Fiction: Algorithm for Life
By Deborah Zafer
It has been a long day and the woman logs on to try and find answers to the questions that trouble her like why? When? How? Who?
The internet is ready, has pulled up a chair by the fire.
‘I might have some ideas,’ it says, putting the kettle on, ‘here, look.’
If you liked growing up somewhere where trees were all you could see from your bedroom window and where you enjoyed a perfect sense of belonging to the land and place, why not try moving to the biggest city in Europe?
If you liked being single and choosing every day anew where to go and who to be, why not try getting married young and fast?
If you have always enjoyed the perfect bliss of being alone, why not try having four kids?
The woman shakes her head, ‘this isn’t quite what I need,’ she says, ‘but thanks for the tea, it was nice.’ Maybe, she thinks, she should go and see if her husband wants to watch something together instead. Or they could talk?
‘Unsure about your choices so far?’ the internet asks quickly before she has the chance to move, ‘how about these options instead?’
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The internet can tell she isn’t quite on the same page. It’s probably the way she has put her tea down and is getting out of the chair.
‘Still not right?’ the internet asks nervously, whipping out a plate of her favourite biscuits just in time and gently placing her back into the chair, ‘other things you can try are:’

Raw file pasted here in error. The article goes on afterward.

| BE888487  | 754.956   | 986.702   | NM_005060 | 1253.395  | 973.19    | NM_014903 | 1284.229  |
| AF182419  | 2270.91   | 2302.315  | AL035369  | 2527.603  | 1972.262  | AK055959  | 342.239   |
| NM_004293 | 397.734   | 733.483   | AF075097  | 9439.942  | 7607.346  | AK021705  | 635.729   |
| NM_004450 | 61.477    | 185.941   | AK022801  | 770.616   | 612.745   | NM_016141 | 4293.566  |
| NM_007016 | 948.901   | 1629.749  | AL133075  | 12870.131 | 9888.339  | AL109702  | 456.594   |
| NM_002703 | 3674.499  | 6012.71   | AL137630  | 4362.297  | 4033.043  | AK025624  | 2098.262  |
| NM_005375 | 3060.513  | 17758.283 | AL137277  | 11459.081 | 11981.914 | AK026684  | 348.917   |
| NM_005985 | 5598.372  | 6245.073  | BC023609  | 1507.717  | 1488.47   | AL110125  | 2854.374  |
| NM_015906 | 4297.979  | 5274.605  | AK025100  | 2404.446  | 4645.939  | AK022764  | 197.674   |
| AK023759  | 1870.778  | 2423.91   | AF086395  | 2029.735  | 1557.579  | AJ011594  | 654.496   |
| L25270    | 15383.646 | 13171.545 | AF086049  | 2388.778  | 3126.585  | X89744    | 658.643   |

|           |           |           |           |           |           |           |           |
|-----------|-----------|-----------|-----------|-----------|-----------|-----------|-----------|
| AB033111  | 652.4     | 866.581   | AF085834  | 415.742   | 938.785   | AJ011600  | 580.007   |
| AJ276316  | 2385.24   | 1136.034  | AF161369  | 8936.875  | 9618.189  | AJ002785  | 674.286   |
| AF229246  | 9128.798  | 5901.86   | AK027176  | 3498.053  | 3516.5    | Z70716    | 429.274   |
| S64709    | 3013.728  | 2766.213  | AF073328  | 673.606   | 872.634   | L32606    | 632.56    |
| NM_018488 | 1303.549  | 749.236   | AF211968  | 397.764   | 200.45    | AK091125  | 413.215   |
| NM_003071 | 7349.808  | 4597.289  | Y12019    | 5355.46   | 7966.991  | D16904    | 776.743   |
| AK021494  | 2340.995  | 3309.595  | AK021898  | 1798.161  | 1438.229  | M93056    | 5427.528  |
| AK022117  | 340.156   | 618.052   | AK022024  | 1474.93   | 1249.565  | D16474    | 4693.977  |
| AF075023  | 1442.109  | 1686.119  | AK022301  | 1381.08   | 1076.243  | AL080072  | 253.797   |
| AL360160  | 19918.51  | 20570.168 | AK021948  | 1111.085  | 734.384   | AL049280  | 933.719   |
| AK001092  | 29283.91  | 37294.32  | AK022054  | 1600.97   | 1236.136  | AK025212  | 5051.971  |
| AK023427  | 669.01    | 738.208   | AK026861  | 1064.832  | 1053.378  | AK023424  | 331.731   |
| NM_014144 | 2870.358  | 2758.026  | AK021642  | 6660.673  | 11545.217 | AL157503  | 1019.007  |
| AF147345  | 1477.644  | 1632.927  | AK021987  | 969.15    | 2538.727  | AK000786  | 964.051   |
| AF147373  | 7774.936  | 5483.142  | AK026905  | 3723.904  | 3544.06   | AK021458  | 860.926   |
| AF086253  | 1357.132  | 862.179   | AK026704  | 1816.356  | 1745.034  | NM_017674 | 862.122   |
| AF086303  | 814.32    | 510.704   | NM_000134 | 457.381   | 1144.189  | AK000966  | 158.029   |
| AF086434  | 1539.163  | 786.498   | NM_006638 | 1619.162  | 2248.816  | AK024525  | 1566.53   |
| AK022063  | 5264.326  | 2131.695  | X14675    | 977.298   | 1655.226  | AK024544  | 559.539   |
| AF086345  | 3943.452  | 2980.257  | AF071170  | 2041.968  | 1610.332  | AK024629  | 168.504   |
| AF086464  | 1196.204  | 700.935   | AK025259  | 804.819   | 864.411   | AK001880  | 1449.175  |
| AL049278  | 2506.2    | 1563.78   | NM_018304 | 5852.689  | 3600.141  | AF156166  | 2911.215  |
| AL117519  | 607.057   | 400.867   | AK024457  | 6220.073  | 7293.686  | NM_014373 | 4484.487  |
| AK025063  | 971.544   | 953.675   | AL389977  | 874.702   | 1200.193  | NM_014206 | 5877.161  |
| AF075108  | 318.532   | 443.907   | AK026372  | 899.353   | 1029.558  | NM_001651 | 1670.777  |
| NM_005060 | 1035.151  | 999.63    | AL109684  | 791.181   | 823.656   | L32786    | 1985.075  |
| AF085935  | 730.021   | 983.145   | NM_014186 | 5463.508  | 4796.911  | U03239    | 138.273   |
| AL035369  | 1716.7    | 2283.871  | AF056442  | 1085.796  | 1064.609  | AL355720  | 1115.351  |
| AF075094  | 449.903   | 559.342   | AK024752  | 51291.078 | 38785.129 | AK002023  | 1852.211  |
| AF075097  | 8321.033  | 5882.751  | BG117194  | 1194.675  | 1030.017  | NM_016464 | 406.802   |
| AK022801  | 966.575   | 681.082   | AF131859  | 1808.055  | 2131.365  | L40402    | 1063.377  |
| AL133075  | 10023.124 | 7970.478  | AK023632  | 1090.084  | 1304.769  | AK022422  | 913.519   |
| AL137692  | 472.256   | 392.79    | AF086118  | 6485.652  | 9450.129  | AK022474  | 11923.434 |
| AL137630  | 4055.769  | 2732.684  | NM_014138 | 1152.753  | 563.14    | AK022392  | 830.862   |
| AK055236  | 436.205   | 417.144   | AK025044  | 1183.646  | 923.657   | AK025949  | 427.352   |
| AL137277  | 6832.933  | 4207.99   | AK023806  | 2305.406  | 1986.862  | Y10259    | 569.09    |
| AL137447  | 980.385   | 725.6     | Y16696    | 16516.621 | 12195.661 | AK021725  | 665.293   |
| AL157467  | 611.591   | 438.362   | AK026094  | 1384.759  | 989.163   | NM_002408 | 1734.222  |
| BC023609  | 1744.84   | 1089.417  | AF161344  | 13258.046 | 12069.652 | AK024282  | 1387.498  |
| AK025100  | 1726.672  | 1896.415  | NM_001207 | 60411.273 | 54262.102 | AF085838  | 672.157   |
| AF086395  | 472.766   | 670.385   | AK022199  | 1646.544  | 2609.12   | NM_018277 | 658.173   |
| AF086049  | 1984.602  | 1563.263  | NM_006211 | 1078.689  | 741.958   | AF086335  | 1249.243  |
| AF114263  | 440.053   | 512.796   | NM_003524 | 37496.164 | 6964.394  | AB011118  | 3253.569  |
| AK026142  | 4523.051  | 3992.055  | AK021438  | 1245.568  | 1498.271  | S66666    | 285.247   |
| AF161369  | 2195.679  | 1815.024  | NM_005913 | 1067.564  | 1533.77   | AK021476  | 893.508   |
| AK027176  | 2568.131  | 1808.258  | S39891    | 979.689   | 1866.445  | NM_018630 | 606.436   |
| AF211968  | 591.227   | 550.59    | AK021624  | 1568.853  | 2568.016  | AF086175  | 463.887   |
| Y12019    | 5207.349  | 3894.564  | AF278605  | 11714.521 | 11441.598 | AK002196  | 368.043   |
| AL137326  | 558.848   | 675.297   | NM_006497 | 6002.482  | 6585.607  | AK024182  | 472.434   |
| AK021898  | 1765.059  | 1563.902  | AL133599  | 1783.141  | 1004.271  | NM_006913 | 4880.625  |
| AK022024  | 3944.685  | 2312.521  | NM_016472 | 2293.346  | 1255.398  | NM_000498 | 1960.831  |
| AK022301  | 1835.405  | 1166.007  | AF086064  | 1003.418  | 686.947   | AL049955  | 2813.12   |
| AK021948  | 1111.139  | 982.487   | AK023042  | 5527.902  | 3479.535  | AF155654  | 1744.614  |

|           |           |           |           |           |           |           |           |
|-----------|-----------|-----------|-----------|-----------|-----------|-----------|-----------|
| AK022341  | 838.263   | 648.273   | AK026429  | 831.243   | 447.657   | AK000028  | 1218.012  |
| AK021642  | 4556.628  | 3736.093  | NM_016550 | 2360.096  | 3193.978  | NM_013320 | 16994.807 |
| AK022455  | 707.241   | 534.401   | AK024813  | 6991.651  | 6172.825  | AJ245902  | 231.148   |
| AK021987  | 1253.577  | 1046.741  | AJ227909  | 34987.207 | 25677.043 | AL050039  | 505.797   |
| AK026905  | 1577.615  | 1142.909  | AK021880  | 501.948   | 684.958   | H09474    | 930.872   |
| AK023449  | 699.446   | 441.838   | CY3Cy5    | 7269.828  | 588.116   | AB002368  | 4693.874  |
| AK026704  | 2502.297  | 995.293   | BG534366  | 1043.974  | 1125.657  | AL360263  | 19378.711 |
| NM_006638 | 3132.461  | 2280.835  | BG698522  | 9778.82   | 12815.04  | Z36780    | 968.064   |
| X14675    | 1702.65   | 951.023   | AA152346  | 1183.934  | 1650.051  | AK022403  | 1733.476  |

89% of people who live in your neighbourhood and are in the same age bracket as you wonder how and why their life is the way it is. Click here to find out more.
87% of people who live in your neighbourhood and are the same gender as you agree that they use technology as a means to stop them from having to address this question. Why not join them?
‘Oh, and also,’ the internet adds, activating the massage option on the chair, and leaning her back:
54% of people who live in your neighbourhood and also have children could potentially be your friends if you spoke about any of this with them.
Of those, almost 12% feel exactly the same sense of slowly dying inside when other people talk to them about their home improvements/school preferences/child’s achievements as you do.
Of those, less than 2% have walked past you today or sat near you in the playground thinking very similar thoughts and wishing someone would reach out to them.
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Julia is so relaxed now that the internet is whispering its ideas gently into her ear and it is hard to tell what are her thoughts and what comes from the internet. This is probably because the internet has also activated some soothing music and all of this has chipped away at her sense of what time it is or what day or what else it is she should be doing.
She settles in. She feels supported and cared for.
‘If none of this works,’ the internet says, sitting down next to her on the other chair and putting its feet up, so companionable now, ‘why not come back tomorrow. We fine-tune our algorithm every day so you don’t have to.’
The internet smiles at her, she thinks it is actually quite nice, after all, and doesn’t deserve the things people say about it. Mean things.
Certainly, no one else has made such an effort for her recently, pulled out all the stops.
The smell of toasting marshmallows wafts through the air. The internet is spoiling her now. It knows exactly what she wants, which is more than she can say for her husband these days. Who knows what he is up to downstairs?
‘Thanks, internet, I feel much better now,’ the woman says, as the clock chimes midnight, ‘Maybe I will come back tomorrow. Maybe, I will.’
Deborah Zafer lives in London and can be found on Twitter or at deborahzafer.com
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